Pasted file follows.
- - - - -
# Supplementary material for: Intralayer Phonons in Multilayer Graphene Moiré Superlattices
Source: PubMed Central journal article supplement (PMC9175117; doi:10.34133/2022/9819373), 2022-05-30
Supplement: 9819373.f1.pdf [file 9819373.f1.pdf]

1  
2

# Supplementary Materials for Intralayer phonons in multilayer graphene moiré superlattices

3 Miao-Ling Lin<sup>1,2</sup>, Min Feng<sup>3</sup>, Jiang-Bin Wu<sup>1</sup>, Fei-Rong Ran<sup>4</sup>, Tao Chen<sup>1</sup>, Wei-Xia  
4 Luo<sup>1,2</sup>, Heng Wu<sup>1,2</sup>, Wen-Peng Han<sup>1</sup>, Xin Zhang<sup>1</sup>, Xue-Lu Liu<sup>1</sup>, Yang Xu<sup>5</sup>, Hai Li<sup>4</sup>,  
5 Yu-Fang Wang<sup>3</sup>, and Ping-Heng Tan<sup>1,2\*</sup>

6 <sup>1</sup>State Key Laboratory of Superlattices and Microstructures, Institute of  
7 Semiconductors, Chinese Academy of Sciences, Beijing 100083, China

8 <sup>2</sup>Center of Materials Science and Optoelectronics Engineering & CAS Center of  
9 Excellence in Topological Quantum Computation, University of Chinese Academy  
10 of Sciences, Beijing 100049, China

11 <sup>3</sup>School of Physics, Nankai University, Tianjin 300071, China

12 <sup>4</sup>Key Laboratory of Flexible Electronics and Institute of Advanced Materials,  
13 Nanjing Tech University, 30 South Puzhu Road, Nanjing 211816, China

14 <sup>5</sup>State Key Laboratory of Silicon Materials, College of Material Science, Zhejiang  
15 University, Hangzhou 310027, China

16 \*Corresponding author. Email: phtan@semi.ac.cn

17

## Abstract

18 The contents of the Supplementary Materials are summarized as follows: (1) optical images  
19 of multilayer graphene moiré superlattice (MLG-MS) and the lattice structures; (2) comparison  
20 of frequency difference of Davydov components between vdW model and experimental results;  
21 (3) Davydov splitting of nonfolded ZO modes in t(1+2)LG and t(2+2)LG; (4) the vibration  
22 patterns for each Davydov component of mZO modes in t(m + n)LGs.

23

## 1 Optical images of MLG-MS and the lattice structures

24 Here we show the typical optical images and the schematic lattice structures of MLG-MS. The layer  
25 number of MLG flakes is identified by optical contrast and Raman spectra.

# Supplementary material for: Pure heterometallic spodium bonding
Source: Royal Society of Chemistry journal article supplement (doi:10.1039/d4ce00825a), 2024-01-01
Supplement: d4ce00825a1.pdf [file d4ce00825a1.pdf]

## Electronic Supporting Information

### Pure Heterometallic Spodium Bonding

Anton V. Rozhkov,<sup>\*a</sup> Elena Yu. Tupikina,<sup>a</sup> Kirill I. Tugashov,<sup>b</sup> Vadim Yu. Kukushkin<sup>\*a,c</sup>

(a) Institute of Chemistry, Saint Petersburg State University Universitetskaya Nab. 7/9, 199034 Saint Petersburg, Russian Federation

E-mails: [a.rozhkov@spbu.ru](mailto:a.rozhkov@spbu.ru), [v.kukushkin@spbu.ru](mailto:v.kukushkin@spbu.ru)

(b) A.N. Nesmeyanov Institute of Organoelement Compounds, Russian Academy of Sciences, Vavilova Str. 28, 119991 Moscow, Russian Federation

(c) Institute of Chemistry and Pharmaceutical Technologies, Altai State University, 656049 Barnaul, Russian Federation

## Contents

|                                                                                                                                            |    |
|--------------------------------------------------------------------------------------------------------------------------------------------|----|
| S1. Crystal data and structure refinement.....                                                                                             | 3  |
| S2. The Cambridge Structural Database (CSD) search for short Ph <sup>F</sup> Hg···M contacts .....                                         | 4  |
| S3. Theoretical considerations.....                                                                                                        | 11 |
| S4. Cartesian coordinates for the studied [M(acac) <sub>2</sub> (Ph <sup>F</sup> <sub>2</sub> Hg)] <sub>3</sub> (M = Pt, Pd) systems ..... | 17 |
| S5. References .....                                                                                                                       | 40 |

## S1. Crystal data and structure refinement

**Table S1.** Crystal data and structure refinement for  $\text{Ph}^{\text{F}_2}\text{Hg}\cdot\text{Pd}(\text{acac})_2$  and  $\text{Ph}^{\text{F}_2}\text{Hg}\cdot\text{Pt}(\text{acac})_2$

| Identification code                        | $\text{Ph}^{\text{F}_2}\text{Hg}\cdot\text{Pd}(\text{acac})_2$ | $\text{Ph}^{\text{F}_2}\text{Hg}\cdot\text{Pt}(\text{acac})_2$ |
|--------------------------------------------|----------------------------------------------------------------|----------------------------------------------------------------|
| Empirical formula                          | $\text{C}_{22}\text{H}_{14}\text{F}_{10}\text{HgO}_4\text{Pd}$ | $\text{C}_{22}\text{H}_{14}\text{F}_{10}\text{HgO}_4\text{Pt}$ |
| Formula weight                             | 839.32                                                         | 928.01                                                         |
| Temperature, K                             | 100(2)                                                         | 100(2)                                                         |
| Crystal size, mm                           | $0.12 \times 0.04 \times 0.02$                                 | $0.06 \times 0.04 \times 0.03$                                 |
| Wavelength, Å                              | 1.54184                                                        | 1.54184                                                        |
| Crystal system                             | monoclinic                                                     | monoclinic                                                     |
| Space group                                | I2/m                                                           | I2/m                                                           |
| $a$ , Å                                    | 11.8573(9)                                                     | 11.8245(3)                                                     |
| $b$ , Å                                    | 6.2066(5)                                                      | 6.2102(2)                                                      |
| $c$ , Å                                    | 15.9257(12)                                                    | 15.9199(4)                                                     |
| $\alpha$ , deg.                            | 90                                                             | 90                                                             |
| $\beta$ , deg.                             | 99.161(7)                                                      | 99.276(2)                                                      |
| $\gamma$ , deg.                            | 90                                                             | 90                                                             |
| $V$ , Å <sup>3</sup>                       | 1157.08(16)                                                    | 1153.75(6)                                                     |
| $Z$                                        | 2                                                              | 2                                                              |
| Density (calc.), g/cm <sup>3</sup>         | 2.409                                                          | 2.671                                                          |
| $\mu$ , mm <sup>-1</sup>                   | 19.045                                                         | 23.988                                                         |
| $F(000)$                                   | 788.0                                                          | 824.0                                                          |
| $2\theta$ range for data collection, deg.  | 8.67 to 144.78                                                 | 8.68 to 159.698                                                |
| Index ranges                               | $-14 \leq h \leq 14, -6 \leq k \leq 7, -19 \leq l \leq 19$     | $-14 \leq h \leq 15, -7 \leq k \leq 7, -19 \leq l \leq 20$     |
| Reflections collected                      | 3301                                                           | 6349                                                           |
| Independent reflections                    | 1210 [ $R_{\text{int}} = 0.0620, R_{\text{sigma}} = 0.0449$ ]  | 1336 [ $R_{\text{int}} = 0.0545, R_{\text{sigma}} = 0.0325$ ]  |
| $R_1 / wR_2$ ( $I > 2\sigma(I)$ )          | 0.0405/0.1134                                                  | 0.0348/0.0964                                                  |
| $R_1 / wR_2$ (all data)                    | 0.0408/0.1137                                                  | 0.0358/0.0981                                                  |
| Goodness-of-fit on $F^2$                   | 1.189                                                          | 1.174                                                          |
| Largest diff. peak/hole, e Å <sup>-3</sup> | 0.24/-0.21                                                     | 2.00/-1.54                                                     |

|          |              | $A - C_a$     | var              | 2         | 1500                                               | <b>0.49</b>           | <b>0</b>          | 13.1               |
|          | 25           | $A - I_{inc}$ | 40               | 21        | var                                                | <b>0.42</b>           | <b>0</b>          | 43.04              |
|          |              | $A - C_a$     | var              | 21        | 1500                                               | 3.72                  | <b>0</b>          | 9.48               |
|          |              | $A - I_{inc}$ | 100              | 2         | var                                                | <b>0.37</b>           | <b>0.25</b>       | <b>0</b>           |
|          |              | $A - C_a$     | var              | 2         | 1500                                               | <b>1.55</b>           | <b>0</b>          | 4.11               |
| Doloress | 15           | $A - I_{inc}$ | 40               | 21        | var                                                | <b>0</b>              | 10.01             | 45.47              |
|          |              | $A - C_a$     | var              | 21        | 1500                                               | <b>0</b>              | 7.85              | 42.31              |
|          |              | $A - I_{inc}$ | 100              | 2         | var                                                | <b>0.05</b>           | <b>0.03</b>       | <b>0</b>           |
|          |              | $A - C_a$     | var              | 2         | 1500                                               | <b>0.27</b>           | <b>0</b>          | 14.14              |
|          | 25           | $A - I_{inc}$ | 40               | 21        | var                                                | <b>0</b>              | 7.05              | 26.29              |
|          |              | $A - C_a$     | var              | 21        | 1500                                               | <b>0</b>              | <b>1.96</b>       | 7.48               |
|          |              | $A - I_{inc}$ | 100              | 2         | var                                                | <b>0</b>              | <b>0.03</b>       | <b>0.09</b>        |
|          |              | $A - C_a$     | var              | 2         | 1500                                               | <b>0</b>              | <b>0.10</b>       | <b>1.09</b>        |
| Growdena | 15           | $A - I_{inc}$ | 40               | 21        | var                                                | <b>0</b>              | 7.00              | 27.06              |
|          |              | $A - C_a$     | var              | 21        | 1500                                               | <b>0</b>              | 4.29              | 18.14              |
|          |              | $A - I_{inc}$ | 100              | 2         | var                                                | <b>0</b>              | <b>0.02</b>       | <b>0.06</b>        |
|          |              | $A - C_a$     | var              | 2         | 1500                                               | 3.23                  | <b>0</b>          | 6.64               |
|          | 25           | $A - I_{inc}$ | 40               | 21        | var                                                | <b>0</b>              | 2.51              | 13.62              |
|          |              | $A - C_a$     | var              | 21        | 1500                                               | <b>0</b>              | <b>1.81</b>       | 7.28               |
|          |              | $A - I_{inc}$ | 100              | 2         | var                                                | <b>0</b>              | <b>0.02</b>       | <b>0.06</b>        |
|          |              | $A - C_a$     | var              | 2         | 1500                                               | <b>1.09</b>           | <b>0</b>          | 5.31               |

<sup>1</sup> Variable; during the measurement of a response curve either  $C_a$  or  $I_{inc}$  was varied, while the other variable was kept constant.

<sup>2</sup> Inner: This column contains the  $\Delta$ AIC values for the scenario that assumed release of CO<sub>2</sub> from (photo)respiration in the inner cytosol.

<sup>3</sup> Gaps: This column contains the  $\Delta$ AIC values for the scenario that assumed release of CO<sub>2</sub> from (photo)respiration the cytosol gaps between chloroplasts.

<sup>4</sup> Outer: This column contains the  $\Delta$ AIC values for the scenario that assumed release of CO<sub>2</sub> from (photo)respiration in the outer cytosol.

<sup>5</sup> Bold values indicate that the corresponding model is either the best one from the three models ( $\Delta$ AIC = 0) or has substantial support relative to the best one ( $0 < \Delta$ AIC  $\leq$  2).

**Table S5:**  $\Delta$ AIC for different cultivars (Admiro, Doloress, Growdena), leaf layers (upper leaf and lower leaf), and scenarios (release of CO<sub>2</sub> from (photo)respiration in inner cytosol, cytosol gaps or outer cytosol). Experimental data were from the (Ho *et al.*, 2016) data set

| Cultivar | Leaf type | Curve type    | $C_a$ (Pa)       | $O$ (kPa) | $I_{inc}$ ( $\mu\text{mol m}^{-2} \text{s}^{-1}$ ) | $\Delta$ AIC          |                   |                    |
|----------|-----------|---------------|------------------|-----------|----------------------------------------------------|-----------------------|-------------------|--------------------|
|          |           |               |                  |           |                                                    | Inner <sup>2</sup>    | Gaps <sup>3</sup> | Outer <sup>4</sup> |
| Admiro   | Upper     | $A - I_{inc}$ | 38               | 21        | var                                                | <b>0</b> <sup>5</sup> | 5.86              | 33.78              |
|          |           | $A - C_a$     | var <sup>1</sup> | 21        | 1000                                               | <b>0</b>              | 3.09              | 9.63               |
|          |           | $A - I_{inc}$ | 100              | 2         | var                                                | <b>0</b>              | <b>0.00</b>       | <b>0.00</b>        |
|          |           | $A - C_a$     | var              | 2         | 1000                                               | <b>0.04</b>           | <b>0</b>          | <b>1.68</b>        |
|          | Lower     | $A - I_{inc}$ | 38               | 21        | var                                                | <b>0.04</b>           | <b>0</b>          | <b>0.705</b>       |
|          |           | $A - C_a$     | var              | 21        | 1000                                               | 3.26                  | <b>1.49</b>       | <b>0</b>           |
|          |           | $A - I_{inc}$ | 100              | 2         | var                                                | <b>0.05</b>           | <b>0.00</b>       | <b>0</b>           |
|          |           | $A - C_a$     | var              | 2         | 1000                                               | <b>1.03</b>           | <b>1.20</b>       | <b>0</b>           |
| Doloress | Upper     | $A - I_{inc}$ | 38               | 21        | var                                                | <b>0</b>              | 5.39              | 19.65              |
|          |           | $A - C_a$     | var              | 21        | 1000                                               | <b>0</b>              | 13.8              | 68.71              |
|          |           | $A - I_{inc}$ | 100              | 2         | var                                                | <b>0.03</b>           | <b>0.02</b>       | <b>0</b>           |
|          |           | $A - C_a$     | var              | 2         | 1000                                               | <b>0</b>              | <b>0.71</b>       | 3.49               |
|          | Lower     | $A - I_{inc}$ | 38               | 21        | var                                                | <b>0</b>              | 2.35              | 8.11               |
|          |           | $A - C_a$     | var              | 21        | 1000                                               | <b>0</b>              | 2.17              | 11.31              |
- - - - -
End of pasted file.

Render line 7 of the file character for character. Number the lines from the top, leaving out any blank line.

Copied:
3 Miao-Ling Lin<sup>1,2</sup>, Min Feng<sup>3</sup>, Jiang-Bin Wu<sup>1</sup>, Fei-Rong Ran<sup>4</sup>, Tao Chen<sup>1</sup>, Wei-Xia  